Other significant Dodgers of the 1980s included second baseman Steve Sax, who played seven solid years for the Dodgers; catcher Mike Scioscia, who along with Valenzuela were the only Dodgers to play every year of this decade; infielder-outfielder Pedro Guerrero, who hit 169 home runs and drove in 575 runs; pitcher Bob Welch, who won 103 games and fanned over 1,100 batters; outfielder Kenny Landreaux, who enjoyed seven seasons with the ballclub; and outfielder Mike Marshall, who averaged 17 home runs in the last eight seasons.
The 1990s proved to be a series of ups and downs for the Dodgers. It also marked a change of ownership after the O'Malley family's control for nearly five decades. The Dodgers won a division title in 1995 and a wild-card playoff berth in 1996, but it marked the first decade since the 1930s that the ballclub did not make a World Series appearance.
After finishing second in 1990 and 1991, the Dodgers posted a club-record 99 losses en route to a last-place finish in 1992. The Dodgers rebounded to third place in 1993 and held a 3 1/2-game lead in 1994 when a strike halted the season and canceled plans for a trip to the Fall Classic. The Dodgers won the Western Division in 1995, but lost to Cincinnati in the Division Series in three games. The Dodgers and Padres were tied for first place on the final day of the season in 1996. Both teams met at Dodger Stadium, having already clinched playoff berths because of an expanded playoff format that included the second-place team with the best record in each league. The Dodgers lost, 2-0, and were later swept by Atlanta in the Division Series.
The 1990 season celebrated the Dodgers' 100th anniversary in the National League. The pitching staff led the Majors with 29 complete games and the Dodgers finished second to the eventual World Champion Cincinnati Reds. At age 22, right-hander Ramon Martinez became the youngest Dodger to win 20 games since Ralph Branca. Martinez also tied Sandy Koufax's club record with 18 strikeouts against the Braves on June 4 at Dodger Stadium. Martinez would later join Koufax as the only Dodger pitchers in history to throw both a no-hitter and strike out 18 batters in a game. Dodger shortstop Jose Offerman made his debut in 1990 as he became the 6th Dodger in history to hit a home run in his first Major League at-bat. "Fernandomania" also had one last hurrah as Fernando Valenzuela pitched his only career no-hitter on June 29 against St. Louis.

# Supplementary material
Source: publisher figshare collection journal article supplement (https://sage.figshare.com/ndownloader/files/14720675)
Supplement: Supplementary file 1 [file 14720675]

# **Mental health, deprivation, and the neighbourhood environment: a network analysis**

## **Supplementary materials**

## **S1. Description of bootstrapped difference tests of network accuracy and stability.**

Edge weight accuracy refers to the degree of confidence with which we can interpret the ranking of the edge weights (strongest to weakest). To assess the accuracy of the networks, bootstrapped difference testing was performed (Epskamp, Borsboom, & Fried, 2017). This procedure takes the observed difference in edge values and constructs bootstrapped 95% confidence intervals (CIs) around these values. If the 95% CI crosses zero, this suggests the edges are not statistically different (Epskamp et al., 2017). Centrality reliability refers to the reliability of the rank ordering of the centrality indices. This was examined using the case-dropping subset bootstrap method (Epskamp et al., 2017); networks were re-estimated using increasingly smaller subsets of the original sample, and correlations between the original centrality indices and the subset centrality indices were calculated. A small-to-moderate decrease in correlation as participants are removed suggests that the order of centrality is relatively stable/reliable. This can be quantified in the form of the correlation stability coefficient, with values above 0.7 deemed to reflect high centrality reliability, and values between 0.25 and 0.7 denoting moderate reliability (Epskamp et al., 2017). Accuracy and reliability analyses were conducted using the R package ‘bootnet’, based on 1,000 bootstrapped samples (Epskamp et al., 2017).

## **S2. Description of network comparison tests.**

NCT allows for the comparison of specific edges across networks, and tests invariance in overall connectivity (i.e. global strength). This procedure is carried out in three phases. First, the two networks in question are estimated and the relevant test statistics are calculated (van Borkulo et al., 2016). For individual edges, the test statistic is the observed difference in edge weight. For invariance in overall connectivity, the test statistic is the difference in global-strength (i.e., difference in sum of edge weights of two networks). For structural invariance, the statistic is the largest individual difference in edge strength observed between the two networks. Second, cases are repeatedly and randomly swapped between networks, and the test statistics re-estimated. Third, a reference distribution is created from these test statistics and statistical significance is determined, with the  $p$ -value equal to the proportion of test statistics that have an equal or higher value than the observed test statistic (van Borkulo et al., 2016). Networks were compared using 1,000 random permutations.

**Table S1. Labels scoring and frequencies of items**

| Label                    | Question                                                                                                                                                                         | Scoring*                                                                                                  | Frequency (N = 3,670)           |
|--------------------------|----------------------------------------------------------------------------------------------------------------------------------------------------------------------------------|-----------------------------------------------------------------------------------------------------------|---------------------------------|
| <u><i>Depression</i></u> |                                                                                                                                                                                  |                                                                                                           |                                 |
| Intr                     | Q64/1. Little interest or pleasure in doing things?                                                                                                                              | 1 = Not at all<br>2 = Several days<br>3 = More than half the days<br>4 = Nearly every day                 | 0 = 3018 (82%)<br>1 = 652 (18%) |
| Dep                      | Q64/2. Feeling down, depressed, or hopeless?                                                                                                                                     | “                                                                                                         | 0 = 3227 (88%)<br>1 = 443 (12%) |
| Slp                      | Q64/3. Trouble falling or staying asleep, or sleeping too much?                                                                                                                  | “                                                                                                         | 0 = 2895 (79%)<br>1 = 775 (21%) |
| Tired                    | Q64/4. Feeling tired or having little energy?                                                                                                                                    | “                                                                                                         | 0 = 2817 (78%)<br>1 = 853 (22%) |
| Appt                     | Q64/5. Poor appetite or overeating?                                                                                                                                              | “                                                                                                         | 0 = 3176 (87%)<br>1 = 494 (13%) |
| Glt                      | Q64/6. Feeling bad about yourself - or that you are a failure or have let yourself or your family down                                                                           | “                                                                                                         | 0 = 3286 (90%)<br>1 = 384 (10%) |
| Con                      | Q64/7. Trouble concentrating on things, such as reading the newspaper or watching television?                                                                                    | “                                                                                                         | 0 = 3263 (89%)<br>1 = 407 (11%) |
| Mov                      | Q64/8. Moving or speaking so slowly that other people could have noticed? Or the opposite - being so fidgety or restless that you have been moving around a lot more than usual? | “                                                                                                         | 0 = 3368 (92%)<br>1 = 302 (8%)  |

The exciting 1991 season featured a classic divisional race between the Dodgers and Atlanta Braves. During the final six weeks of the season, neither club held a lead of more than two games. The Braves finally edged Los Angeles on the final weekend of the season to win the crown by one game. The Dodgers were led by newcomers Darryl Strawberry, whose 28 home runs are the most by a left-handed batter in Los Angeles history; and Brett Butler, the center fielder who set a National League record with 161 errorless games. Bouncing back from shoulder surgery, Orel Hershiser went 7-2 with a 3.46 ERA in 1991.
During the 1990s, the Dodgers set a record with five consecutive National League Rookies of the Year: Eric Karros (1992), Mike Piazza (1993), Raul Mondesi (1994), Hideo Nomo (1995) and Todd Hollandsworth (1996).
After belting 20 home runs as a rookie in 1992, Karros became a cornerstone to the Dodger offense in the 1990s. He played in more games than any other Dodger during the decade and his 242 home runs are atop the all-time Los Angeles list, as he surpassed Ron Cey (228) in 2000. Karros also became one of three players in Dodger history to record five or more seasons with at least 30 home runs.
Piazza spent 5 1/2 seasons in Los Angeles, rewriting the record book and placing his name alongside some of the most prolific hitting catchers in history. He set rookie records with 35 home runs and 112 RBI in 1993, including two home runs on the final day of the season as the Dodgers knocked the Giants out of the divisional race with a 12-1 victory at Dodger Stadium. Piazza later set Dodger single-season records in 1997 with a .362 batting average, 40 home runs and a .638 slugging percentage. The Dodgers traded Piazza to Florida in a blockbuster seven-player trade in 1998.
During the 1990s, Mondesi became one of the most productive outfielders in Dodger history. He is the only Dodger to record at least 30 steals and 30 home runs in the same season, having accomplished the 30-30 plateaus in 1997 and 1999. Mondesi also became the first two-time Gold Glove winner since Steve Garvey won four straight from 1974-77.
Nomo burst upon the Major League scene in 1995 after a successful career with the Kintetsu Buffaloes of the Japanese Professional League. As the first Japanese player to appear in the Majors since San Francisco's Masanori Murakami in 1965, Nomo went 13-6 with a 2.54 ERA and a league-leading 236 strikeouts. He also started the 1995 All-Star Game at Texas. In 1996, Nomo pitched his first career no-hitter at the most unlikely site in baseball -- Colorado's Coors Field -- a 9-0 victory on September 17.
In 1994, Chan Ho Park made history as he was the first South Korean-born player to pitch in the Major Leagues. Along with Darren Dreifort, they became the 17th and 18th players since the First-Year Player Draft began in 1965 to make their professional debuts in the Majors.